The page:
Tokyo: Institute for Nature Study

This was our last morning it Tokyo, and another family day. We met up with Dan’s brother and our niece at the station for coffee, then a walk around the station to find a highly-rated ramen restaurant. It looked a little too ratty to Dan and me so we passed, but apparently we missed out on some good ramen. It was rainy and very blustery, so our plan was to go to the Tokyo Metropolitan Art Museum for a couple of hours. We took the subway over and walked a few blocks to the museum, but it and the surrounding garden were closed for a special event.

After a quick search of the guidebook to see what we could do nearby, we landed on the Institute for Nature Study that’s right next door. This park is part of the National Museum of Nature and Science, and it is a working research facility. This space was originally the grounds the feudal estate of Matsudaira Sanukinokami Yorishige, a member of the Tokugawa clan, and has historically been left relatively natural and untouched. The Institute is designed to show what Tokyo’s natural environment would be like if left to it’s own devices.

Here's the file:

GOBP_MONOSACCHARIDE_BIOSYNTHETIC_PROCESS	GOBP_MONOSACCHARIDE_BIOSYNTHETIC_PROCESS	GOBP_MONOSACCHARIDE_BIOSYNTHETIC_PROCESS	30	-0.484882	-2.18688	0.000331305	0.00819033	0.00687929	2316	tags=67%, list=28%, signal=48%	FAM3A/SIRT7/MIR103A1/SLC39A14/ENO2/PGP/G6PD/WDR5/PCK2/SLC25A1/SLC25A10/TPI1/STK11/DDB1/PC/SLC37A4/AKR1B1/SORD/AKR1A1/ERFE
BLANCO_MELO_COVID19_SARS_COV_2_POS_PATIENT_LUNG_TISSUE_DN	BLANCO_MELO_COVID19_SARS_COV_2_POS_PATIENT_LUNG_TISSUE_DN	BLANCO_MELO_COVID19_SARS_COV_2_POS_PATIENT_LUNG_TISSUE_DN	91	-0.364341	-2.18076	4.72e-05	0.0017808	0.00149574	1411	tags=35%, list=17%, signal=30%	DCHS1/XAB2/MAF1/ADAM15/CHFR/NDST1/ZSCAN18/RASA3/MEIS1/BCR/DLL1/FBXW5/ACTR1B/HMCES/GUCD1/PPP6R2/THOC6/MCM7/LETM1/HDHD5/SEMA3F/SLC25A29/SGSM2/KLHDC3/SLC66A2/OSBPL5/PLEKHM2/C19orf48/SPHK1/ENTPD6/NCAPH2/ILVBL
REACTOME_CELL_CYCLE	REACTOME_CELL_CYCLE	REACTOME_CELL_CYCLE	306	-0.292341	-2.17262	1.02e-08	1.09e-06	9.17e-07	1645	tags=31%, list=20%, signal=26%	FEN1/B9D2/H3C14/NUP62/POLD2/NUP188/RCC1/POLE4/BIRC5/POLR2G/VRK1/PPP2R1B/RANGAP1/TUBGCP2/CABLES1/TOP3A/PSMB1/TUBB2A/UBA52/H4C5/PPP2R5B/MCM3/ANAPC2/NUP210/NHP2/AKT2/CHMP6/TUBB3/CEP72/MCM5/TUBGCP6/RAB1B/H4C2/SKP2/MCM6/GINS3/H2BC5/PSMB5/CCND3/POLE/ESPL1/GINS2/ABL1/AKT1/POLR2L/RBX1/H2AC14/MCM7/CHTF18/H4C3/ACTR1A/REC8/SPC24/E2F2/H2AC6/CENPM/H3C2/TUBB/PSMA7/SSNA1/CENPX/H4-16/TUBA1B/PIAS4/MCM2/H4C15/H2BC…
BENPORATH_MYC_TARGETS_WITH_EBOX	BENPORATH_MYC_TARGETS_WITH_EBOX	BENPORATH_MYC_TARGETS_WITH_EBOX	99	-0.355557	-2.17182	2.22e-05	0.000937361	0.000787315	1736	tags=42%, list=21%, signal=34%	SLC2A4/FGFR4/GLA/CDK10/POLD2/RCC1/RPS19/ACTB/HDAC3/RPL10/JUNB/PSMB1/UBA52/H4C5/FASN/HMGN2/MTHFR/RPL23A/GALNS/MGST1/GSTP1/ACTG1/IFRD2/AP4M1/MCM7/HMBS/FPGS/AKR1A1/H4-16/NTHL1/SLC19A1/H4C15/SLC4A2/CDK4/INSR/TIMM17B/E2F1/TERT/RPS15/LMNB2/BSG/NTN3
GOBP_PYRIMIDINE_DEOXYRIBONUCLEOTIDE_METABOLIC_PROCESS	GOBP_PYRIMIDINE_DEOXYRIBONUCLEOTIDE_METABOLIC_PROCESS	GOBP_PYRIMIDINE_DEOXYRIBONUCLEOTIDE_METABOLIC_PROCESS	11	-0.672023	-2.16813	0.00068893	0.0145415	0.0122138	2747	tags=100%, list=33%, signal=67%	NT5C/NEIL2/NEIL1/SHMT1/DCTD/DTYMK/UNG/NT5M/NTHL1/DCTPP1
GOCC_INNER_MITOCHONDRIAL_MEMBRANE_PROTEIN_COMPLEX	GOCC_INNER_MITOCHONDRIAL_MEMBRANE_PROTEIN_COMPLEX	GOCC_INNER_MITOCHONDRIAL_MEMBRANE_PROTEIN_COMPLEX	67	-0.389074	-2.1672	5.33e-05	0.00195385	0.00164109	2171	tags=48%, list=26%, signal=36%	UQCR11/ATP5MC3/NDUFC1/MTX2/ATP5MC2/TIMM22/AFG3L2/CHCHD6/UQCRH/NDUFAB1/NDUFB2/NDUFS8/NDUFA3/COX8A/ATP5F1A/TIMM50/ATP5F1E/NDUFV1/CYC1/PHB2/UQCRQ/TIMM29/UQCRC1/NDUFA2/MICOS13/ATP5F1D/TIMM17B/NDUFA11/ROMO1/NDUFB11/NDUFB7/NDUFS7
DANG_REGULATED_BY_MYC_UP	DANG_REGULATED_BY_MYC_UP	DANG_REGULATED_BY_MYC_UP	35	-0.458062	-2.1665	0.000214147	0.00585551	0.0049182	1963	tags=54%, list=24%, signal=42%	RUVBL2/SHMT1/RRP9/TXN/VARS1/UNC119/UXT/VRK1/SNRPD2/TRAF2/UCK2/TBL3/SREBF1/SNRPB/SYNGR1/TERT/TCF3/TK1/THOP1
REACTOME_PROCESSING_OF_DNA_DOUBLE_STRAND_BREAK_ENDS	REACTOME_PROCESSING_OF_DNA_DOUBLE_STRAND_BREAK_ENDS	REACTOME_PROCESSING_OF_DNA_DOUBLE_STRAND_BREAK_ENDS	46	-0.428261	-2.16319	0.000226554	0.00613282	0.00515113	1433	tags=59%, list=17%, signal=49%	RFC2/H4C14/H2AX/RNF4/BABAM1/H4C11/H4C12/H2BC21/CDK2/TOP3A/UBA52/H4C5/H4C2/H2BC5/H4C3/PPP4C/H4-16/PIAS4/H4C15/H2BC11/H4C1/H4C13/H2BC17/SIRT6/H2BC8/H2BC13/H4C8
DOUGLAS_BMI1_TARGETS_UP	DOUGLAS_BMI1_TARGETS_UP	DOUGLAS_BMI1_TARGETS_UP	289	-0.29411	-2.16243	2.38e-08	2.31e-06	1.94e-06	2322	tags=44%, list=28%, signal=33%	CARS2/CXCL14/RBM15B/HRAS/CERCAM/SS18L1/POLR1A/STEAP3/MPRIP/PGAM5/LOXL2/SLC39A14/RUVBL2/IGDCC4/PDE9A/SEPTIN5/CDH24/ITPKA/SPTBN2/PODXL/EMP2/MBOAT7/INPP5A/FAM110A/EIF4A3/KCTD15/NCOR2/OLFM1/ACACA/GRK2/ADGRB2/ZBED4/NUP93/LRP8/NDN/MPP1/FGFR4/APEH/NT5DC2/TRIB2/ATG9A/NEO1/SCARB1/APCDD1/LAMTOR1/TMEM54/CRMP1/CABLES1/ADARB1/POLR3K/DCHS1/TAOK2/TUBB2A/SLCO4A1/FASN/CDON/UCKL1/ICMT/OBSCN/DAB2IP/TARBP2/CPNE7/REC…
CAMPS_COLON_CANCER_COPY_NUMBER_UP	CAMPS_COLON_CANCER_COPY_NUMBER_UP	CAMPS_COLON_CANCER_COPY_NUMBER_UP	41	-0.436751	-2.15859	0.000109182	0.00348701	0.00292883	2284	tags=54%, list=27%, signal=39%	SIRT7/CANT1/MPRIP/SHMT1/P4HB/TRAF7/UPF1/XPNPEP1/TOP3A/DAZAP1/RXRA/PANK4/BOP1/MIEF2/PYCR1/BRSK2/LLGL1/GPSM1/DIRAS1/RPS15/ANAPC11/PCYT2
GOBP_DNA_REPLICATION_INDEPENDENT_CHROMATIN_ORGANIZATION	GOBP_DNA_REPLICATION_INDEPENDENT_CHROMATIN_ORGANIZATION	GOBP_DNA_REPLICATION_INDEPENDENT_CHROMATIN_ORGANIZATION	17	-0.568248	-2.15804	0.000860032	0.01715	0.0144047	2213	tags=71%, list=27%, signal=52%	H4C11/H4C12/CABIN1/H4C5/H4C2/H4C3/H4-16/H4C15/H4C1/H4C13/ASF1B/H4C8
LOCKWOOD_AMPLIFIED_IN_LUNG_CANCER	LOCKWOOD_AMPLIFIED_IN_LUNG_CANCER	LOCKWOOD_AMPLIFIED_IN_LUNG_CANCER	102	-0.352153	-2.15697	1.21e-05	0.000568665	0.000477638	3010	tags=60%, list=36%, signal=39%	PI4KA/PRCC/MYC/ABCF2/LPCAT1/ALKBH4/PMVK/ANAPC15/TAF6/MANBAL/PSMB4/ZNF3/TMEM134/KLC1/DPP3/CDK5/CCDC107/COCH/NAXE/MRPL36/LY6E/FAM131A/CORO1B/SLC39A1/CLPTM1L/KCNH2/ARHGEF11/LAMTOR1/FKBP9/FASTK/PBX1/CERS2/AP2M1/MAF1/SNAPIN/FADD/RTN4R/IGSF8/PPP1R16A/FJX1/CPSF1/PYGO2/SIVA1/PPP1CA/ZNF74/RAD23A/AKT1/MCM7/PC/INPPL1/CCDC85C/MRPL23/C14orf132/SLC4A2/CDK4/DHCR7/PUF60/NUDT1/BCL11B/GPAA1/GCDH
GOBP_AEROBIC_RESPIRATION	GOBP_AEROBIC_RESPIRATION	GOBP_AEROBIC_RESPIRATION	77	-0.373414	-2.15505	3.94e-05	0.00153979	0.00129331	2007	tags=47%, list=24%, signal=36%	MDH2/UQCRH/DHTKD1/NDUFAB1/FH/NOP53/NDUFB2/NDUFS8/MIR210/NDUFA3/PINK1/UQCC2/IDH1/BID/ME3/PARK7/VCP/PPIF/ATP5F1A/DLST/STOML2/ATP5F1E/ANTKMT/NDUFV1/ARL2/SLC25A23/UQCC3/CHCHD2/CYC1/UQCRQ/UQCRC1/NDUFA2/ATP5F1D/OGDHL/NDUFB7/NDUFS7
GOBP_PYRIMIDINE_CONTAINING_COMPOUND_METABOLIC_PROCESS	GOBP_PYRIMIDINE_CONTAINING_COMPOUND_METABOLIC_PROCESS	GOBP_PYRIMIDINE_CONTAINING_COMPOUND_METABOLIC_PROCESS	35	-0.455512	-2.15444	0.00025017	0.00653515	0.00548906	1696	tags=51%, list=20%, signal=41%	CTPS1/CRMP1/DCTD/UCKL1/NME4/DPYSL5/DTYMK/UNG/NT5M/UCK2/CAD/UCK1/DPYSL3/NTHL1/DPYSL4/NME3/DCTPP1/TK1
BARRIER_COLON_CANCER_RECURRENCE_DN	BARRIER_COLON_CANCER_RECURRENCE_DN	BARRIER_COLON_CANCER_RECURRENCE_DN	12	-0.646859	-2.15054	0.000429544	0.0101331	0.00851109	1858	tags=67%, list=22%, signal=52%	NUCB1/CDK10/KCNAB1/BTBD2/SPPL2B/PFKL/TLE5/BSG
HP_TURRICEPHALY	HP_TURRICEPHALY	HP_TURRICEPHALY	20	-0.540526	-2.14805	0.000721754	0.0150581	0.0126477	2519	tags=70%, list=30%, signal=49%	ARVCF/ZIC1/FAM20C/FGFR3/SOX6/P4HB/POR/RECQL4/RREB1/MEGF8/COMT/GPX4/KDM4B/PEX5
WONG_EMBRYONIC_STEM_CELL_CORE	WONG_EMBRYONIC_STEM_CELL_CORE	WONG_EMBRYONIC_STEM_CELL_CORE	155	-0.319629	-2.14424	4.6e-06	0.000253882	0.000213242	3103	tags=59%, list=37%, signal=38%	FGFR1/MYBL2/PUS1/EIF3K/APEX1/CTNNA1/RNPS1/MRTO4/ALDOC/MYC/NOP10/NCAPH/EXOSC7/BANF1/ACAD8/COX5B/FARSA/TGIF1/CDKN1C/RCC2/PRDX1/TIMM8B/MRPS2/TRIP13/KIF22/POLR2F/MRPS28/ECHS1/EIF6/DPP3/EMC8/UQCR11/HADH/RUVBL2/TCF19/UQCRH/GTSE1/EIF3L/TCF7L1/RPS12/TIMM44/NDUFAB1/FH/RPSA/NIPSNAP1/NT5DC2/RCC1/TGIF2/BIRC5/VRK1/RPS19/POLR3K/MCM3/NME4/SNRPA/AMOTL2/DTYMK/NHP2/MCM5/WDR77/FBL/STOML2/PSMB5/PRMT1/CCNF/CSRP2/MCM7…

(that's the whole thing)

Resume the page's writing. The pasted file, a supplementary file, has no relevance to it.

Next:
Along with the Honen-In Temple in Kyoto, this was one of my favorite serendipitous discoveries of the trip. I just loved this place! It was lush and green, full of native plants and trees. Despite being in the heart of metropolitan Tokyo, it feels like a world apart. We had a lovely walk down peaceful winding paths, despite the wind and rain. I hope I have the opportunity to spend more time there in better weather and other seasons.

After the park we hustled to the subway to get a stops down to have lunch at Crayon House, a women’s collective with an interesting concept. We had a good buffet lunch at the restaurant, which shares the basement level with a small grocery store that focuses on natural foods. Babies and children are welcome here, and in the bookstore and toy store in the the upper levels.

After lunch, we made our way back to Gotanda Station to get bags and catch our train to transfer to Kamakura. Trains were delayed by weather so we waited for a little bit on the platform, but it was otherwise a smooth trip.